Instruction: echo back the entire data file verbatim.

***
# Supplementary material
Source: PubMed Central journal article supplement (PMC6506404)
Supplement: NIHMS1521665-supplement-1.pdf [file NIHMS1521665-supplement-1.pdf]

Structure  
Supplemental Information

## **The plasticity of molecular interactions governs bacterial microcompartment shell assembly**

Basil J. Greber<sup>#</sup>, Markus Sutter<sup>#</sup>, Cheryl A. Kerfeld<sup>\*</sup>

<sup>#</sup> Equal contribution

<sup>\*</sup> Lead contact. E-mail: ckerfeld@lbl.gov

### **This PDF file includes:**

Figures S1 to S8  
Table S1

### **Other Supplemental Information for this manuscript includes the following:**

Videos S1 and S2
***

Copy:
# Supplementary material
Source: PubMed Central journal article supplement (PMC6506404)
Supplement: NIHMS1521665-supplement-1.pdf [file NIHMS1521665-supplement-1.pdf]

Structure  
Supplemental Information

## **The plasticity of molecular interactions governs bacterial microcompartment shell assembly**

Basil J. Greber<sup>#</sup>, Markus Sutter<sup>#</sup>, Cheryl A. Kerfeld<sup>\*</sup>

<sup>#</sup> Equal contribution

<sup>\*</sup> Lead contact. E-mail: ckerfeld@lbl.gov

### **This PDF file includes:**

Figures S1 to S8  
Table S1

### **Other Supplemental Information for this manuscript includes the following:**

Videos S1 and S2